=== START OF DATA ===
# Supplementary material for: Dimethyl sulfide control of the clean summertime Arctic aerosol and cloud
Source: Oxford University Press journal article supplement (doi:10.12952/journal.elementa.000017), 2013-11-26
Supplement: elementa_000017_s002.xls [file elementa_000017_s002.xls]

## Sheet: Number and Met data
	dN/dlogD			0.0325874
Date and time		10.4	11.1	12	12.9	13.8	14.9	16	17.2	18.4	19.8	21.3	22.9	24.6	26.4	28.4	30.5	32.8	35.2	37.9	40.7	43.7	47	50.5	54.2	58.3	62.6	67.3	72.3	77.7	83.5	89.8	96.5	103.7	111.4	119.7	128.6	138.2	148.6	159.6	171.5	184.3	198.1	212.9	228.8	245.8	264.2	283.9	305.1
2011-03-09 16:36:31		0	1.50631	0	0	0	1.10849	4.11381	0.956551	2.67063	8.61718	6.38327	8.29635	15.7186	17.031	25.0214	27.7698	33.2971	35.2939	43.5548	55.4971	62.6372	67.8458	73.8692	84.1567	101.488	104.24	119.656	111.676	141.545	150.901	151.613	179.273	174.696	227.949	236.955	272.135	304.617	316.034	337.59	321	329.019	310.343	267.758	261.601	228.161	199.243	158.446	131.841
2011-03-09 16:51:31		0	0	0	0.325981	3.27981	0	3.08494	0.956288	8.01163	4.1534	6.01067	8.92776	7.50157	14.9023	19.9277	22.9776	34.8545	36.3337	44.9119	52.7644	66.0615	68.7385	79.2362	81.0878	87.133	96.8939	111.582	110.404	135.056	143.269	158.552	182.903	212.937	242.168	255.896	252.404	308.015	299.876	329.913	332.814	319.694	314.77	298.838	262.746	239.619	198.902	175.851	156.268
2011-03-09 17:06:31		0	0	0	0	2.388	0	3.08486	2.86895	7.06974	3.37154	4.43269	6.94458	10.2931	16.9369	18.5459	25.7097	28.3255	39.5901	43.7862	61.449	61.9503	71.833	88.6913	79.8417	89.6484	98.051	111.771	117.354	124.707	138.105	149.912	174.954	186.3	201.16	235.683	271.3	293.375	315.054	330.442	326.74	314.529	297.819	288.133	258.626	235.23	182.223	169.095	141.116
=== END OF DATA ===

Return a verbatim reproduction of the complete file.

# Supplementary material for: Dimethyl sulfide control of the clean summertime Arctic aerosol and cloud
Source: Oxford University Press journal article supplement (doi:10.12952/journal.elementa.000017), 2013-11-26
Supplement: elementa_000017_s002.xls [file elementa_000017_s002.xls]

## Sheet: Number and Met data
	dN/dlogD			0.0325874
Date and time		10.4	11.1	12	12.9	13.8	14.9	16	17.2	18.4	19.8	21.3	22.9	24.6	26.4	28.4	30.5	32.8	35.2	37.9	40.7	43.7	47	50.5	54.2	58.3	62.6	67.3	72.3	77.7	83.5	89.8	96.5	103.7	111.4	119.7	128.6	138.2	148.6	159.6	171.5	184.3	198.1	212.9	228.8	245.8	264.2	283.9	305.1
2011-03-09 16:36:31		0	1.50631	0	0	0	1.10849	4.11381	0.956551	2.67063	8.61718	6.38327	8.29635	15.7186	17.031	25.0214	27.7698	33.2971	35.2939	43.5548	55.4971	62.6372	67.8458	73.8692	84.1567	101.488	104.24	119.656	111.676	141.545	150.901	151.613	179.273	174.696	227.949	236.955	272.135	304.617	316.034	337.59	321	329.019	310.343	267.758	261.601	228.161	199.243	158.446	131.841
2011-03-09 16:51:31		0	0	0	0.325981	3.27981	0	3.08494	0.956288	8.01163	4.1534	6.01067	8.92776	7.50157	14.9023	19.9277	22.9776	34.8545	36.3337	44.9119	52.7644	66.0615	68.7385	79.2362	81.0878	87.133	96.8939	111.582	110.404	135.056	143.269	158.552	182.903	212.937	242.168	255.896	252.404	308.015	299.876	329.913	332.814	319.694	314.77	298.838	262.746	239.619	198.902	175.851	156.268
2011-03-09 17:06:31		0	0	0	0	2.388	0	3.08486	2.86895	7.06974	3.37154	4.43269	6.94458	10.2931	16.9369	18.5459	25.7097	28.3255	39.5901	43.7862	61.449	61.9503	71.833	88.6913	79.8417	89.6484	98.051	111.771	117.354	124.707	138.105	149.912	174.954	186.3	201.16	235.683	271.3	293.375	315.054	330.442	326.74	314.529	297.819	288.133	258.626	235.23	182.223	169.095	141.116